Livecycle has some useful Service components for manipulating files, database rows and XML documents. And while XSLT is a powerful and useful language, it can sometimes be a little unwieldy to express simple logical problems.
I recently had to perform some simple logical programming on the server side to select one of three text fields on a form. The text fields were comments from users and the last user to touch the form before exiting the flow had their comments inserted into an email back to the form originator. There are a multitude of different ways of handling this problem on the form instead of on the server, however, this problem came to me as a system maintainer and there were constraints I had to observe.
Avoka’s XQuery component makes it possible to construct strings and XML fragments using the XQuery language. XQuery, as you may know, has a syntactic structure called FLWOR or
This is typified by the example given on W3Schools using the Books XML data sample:
for $x in doc("books.xml")/bookstore/book where $x/price>30 order by $x/title return $x/title
*Note that the Let is implied in $x in doc(…)/bookstore/book
But what I needed was not an iterative solution (at least, not one that required a for loop), but a way to simply express the conditional logic to select the first non-empty XML text node.
To test the hierarchy of user’s for the last commenter, I could have used a number of Decision and Set components, but why take 3 steps when you can take 1?
Alternately, I could have implemented similar logic using the Livecycle script component and while it would have performed in a single workflow step, the script component can be unwieldy when manipulating form values. Do you really want to …
… just to test a couple of values?
Step 1: Workflow
There are two possible types of invocation on the XQuery Service Component, Single Document and Merge Document. The Merge Document invocation is intended to be more powerful so in this example we’ll be considering the Single Document invocation of the XQuery component.
I inserted the XQuery component (Last Commenter) into the workflow, just before the email step to notify the originator of the last user’s comments. This is where we’ll test the form data variable for the comment fields, and then copy them into another process variable to be inserted in the email.
Step 2: Service Configuration Parameters
The XQuery object is fairly simple to setup, only requiring an XQuery statement and an Output location. In the example here, I’m using a variable, emailCreditComments, to capture the comment tex which I’ll re-use in the following email workflow step.
Step 3: XQuery Statement
First, I chose a location in my process variables to act as the root of my XQuery statement. This is a parameter of the statement, rather than the XQuery configuration and acts to reduce the size of the document the XQuery statement operates on. Since I’m looking for comment fields, I set the location deep into my XFA form variable structure:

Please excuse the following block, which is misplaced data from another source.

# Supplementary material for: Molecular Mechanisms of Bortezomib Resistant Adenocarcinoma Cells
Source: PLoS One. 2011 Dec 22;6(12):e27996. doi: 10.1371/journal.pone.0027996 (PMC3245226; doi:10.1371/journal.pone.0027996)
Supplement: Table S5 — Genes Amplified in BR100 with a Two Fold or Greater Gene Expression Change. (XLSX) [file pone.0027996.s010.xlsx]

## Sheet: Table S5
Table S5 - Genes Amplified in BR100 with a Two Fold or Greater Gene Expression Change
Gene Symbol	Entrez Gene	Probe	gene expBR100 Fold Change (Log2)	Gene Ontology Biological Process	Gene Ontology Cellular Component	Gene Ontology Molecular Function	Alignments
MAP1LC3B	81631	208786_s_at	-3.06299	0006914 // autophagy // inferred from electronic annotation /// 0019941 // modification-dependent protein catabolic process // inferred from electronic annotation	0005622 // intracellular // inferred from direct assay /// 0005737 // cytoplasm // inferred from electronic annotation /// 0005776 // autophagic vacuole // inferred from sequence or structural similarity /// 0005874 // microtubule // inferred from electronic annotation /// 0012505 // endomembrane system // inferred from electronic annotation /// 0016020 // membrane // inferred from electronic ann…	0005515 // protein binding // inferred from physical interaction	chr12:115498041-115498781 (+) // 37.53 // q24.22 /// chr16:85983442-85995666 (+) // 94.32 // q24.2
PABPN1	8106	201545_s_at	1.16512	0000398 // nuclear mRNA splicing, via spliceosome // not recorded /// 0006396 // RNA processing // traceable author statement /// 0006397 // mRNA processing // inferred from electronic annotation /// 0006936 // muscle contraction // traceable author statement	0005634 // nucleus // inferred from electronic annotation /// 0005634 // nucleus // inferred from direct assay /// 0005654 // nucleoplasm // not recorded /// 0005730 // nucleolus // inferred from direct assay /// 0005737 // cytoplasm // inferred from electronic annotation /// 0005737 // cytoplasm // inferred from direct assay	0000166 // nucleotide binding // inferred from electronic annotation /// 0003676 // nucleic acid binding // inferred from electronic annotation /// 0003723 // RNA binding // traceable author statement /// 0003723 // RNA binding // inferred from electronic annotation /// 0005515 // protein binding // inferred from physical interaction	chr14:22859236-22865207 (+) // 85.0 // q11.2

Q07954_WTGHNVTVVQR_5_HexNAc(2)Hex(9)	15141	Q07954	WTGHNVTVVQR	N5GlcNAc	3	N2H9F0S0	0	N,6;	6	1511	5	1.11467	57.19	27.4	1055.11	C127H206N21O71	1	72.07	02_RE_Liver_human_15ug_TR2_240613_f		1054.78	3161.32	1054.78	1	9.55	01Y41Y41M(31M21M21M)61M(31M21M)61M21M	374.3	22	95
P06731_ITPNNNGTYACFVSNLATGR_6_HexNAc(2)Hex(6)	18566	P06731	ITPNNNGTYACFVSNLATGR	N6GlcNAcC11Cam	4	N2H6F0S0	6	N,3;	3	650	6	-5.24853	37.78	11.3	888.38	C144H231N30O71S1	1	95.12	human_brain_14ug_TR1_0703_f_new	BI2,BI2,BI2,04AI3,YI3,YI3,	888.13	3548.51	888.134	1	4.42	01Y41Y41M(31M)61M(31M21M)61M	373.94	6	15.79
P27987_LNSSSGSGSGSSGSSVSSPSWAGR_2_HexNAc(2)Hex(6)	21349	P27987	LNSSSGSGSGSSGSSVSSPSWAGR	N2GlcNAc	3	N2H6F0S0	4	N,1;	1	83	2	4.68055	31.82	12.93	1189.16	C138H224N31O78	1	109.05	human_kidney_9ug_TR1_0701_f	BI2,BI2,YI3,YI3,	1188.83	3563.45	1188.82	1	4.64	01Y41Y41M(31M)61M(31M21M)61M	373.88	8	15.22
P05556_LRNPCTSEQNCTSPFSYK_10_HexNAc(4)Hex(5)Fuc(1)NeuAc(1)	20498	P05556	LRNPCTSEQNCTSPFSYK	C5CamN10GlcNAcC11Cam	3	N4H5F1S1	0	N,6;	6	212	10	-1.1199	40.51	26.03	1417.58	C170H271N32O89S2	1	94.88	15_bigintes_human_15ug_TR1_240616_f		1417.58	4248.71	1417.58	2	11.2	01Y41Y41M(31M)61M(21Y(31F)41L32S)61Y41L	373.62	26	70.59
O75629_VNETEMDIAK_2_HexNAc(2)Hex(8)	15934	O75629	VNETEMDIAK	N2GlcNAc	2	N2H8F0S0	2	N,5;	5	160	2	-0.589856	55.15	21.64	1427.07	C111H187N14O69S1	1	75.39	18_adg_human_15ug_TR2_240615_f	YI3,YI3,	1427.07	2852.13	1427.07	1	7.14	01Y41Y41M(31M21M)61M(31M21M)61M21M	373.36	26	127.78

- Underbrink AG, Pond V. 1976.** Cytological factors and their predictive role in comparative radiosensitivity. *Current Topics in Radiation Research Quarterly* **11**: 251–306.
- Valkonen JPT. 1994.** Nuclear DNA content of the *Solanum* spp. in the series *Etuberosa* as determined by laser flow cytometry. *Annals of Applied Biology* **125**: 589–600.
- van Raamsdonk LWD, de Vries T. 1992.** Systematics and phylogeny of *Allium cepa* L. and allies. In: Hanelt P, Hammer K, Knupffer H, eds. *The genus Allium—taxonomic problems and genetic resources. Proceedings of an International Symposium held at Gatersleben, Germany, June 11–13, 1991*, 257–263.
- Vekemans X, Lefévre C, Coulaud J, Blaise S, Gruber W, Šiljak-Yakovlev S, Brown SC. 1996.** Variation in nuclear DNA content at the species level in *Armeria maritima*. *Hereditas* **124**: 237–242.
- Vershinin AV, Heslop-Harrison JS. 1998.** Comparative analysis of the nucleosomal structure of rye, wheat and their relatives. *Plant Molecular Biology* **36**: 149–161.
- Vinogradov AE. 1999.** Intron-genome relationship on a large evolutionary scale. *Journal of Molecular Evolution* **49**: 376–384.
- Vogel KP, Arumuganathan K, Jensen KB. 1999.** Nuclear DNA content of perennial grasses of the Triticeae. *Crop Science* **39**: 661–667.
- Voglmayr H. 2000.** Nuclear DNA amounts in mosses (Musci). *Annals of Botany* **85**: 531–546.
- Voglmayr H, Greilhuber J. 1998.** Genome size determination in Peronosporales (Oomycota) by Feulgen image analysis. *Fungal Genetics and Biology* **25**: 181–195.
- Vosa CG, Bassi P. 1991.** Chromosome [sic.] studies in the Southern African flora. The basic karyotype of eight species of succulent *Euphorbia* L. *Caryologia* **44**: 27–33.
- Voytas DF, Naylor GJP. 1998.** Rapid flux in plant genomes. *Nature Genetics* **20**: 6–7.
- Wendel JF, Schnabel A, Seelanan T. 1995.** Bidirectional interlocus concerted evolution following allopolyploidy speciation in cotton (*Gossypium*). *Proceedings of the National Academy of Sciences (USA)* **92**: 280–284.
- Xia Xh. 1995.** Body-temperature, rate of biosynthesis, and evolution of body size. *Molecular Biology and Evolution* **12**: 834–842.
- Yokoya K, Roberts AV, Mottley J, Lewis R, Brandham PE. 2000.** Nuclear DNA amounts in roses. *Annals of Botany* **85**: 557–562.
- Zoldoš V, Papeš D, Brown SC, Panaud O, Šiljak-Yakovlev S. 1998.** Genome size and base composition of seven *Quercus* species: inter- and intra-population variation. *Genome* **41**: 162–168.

In this example, I’m using the root of the XFA data passed into the process as a form variable.
Next, as a matter of style, I set the form comments text into re-usable variables that I can test.
let $sp := //FormData/SeniorPartner/Comments/text()
Then, I constructed a logic statement that allowed for graceful regression without forcing the flow. In most functional programming languages, this style of cascading if() statement is to be avoided since it can become a real headache for maintainers. However, the nature of service components in Livecycle means that we can consider (and re-use!) pieces of functionality independently.
let $sp := //FormData/SeniorPartner/Comments/text() let $hod := //FormData/HeadOfDepartment/Comments/text() let $mgr := //FormData/Manager/Comments/text() return if (string-length($sp) = 0) then if(string-length($hod) = 0) then $mgr else $hod else $sp
As you can see the statement itself is quite simple, cascading from each if() statement, testing for validity in the order of the user hierarchy (Senior Partner, Head of Department, Manager). Validity in this case is a test for string length, such that any test that fails indicates we have a non-empty comment text node. The first test to fail gets it’s comment text returned via the else clause and inserted into the configured output location.
Lastly, since the result of the XQuery statement will be inserted into an email, rather than re-used as an XML data set, we tell the XQuery service component to omit the XML processing instruction. Other options include the ability to ‘pretty print’ the output and to re-use namespaces from the source process definition.
This example demonstrates a simple, if somewhat unusual use of the XQuery language implemented using the Avoka XQuery Service Component.